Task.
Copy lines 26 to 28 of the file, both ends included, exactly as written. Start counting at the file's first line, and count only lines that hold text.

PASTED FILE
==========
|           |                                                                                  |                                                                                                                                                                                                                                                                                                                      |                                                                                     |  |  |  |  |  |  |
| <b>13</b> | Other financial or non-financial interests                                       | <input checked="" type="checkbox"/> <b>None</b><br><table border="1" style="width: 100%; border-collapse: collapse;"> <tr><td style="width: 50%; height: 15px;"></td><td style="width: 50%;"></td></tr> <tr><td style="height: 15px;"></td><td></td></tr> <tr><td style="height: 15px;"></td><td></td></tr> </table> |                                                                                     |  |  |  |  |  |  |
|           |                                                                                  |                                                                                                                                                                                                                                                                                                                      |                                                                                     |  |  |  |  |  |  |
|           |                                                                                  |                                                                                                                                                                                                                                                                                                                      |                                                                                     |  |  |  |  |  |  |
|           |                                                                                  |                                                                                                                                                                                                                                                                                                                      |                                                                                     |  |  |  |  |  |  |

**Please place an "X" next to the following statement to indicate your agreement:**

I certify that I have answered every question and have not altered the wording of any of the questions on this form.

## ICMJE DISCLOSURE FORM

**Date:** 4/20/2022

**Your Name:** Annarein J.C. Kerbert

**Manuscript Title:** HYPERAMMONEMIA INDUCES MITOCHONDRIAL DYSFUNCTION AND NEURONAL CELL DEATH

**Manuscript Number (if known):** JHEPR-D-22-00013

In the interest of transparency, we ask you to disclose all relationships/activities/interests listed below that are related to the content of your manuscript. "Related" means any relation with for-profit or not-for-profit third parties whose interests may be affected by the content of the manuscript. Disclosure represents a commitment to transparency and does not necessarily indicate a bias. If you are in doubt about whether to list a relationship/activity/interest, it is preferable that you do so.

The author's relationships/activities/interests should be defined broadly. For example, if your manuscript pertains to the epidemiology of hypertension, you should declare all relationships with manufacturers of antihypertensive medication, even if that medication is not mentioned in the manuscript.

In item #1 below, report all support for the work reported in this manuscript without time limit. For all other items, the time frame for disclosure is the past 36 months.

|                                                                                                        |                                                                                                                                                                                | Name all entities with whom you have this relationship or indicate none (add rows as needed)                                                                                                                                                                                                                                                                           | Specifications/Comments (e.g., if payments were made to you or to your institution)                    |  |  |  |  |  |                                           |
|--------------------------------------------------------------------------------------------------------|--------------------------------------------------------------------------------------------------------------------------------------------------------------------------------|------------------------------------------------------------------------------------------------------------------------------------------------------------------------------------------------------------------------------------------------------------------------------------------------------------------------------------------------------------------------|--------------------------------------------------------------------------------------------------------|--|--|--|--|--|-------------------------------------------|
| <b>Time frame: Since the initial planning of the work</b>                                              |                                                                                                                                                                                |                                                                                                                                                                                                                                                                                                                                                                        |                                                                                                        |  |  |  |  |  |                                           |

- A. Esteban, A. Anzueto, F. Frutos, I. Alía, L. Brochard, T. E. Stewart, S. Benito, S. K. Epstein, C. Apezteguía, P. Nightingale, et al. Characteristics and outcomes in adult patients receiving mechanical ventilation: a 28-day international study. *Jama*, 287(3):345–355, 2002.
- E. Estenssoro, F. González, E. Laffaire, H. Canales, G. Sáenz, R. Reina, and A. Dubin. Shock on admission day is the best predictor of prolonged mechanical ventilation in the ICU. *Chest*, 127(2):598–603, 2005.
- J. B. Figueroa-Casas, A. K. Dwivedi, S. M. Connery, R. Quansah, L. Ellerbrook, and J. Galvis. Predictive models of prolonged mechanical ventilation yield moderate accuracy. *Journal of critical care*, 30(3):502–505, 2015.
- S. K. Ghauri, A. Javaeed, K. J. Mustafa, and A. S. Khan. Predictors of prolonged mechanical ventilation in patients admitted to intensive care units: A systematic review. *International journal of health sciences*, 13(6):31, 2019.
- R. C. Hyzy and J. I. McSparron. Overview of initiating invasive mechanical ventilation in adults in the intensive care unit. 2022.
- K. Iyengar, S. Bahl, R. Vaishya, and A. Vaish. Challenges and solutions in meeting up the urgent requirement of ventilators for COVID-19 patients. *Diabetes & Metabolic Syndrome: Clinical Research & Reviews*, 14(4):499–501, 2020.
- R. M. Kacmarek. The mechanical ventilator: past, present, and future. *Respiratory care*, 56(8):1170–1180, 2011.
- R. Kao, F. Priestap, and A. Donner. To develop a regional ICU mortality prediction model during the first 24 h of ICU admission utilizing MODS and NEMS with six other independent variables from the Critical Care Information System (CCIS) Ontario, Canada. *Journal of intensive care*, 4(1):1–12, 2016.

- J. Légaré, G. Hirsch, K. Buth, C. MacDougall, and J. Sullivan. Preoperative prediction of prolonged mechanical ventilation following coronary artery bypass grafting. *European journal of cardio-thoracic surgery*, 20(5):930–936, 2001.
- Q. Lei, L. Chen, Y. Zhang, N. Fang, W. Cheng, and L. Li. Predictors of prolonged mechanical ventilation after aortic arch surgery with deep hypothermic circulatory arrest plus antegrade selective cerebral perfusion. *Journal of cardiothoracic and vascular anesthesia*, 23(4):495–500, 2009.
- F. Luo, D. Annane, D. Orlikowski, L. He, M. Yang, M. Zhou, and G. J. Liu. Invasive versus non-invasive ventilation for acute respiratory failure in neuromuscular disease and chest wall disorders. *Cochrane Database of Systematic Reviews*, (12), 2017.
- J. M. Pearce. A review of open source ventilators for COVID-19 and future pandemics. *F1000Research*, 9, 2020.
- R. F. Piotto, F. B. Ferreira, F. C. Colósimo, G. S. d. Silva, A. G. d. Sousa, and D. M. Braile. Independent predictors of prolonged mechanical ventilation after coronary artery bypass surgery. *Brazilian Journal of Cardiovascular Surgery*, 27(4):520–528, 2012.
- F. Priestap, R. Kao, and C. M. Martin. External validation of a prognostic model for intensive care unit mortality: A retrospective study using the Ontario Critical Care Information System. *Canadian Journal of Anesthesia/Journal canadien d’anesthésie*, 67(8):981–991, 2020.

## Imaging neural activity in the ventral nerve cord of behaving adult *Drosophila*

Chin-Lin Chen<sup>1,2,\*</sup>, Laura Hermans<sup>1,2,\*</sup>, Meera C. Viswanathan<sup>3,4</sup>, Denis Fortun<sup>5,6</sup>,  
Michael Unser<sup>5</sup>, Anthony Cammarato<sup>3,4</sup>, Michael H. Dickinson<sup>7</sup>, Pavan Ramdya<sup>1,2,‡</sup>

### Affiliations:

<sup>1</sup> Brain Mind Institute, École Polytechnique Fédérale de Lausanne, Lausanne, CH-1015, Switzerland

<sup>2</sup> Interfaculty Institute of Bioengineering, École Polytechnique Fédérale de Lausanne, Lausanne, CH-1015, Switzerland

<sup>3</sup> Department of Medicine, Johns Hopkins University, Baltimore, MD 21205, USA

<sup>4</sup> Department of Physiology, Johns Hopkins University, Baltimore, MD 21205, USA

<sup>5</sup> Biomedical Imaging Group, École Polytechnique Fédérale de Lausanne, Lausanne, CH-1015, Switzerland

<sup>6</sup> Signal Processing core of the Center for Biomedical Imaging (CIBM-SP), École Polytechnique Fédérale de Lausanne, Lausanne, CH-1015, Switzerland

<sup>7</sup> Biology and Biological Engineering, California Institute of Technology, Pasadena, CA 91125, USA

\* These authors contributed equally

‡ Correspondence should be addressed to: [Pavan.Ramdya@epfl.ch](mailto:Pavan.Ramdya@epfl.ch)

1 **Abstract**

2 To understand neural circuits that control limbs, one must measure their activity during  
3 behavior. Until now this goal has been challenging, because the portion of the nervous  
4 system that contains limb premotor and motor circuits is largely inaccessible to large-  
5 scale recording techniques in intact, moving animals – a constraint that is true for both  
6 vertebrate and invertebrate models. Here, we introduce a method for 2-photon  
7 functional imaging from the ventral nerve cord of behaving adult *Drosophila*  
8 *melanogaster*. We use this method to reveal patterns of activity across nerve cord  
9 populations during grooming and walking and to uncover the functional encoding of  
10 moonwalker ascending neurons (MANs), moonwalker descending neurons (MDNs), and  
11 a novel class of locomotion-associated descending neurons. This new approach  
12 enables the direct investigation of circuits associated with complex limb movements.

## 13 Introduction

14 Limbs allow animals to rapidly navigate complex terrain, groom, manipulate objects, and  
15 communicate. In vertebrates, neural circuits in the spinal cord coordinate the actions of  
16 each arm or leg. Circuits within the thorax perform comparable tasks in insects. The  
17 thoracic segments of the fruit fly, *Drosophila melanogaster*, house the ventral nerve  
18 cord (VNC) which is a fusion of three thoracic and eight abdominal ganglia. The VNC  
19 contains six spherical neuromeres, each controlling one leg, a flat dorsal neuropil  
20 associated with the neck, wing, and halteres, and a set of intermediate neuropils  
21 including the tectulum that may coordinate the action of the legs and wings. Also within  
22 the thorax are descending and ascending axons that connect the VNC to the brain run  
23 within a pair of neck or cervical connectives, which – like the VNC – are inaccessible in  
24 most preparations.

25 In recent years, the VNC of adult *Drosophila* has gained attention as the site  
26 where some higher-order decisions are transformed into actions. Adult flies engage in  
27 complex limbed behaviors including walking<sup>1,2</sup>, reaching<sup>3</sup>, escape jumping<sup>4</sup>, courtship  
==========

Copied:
- R. Kao, F. Priestap, and A. Donner. To develop a regional ICU mortality prediction model during the first 24 h of ICU admission utilizing MODS and NEMS with six other independent variables from the Critical Care Information System (CCIS) Ontario, Canada. *Journal of intensive care*, 4(1):1–12, 2016.

- J. Légaré, G. Hirsch, K. Buth, C. MacDougall, and J. Sullivan. Preoperative prediction of prolonged mechanical ventilation following coronary artery bypass grafting. *European journal of cardio-thoracic surgery*, 20(5):930–936, 2001.
- Q. Lei, L. Chen, Y. Zhang, N. Fang, W. Cheng, and L. Li. Predictors of prolonged mechanical ventilation after aortic arch surgery with deep hypothermic circulatory arrest plus antegrade selective cerebral perfusion. *Journal of cardiothoracic and vascular anesthesia*, 23(4):495–500, 2009.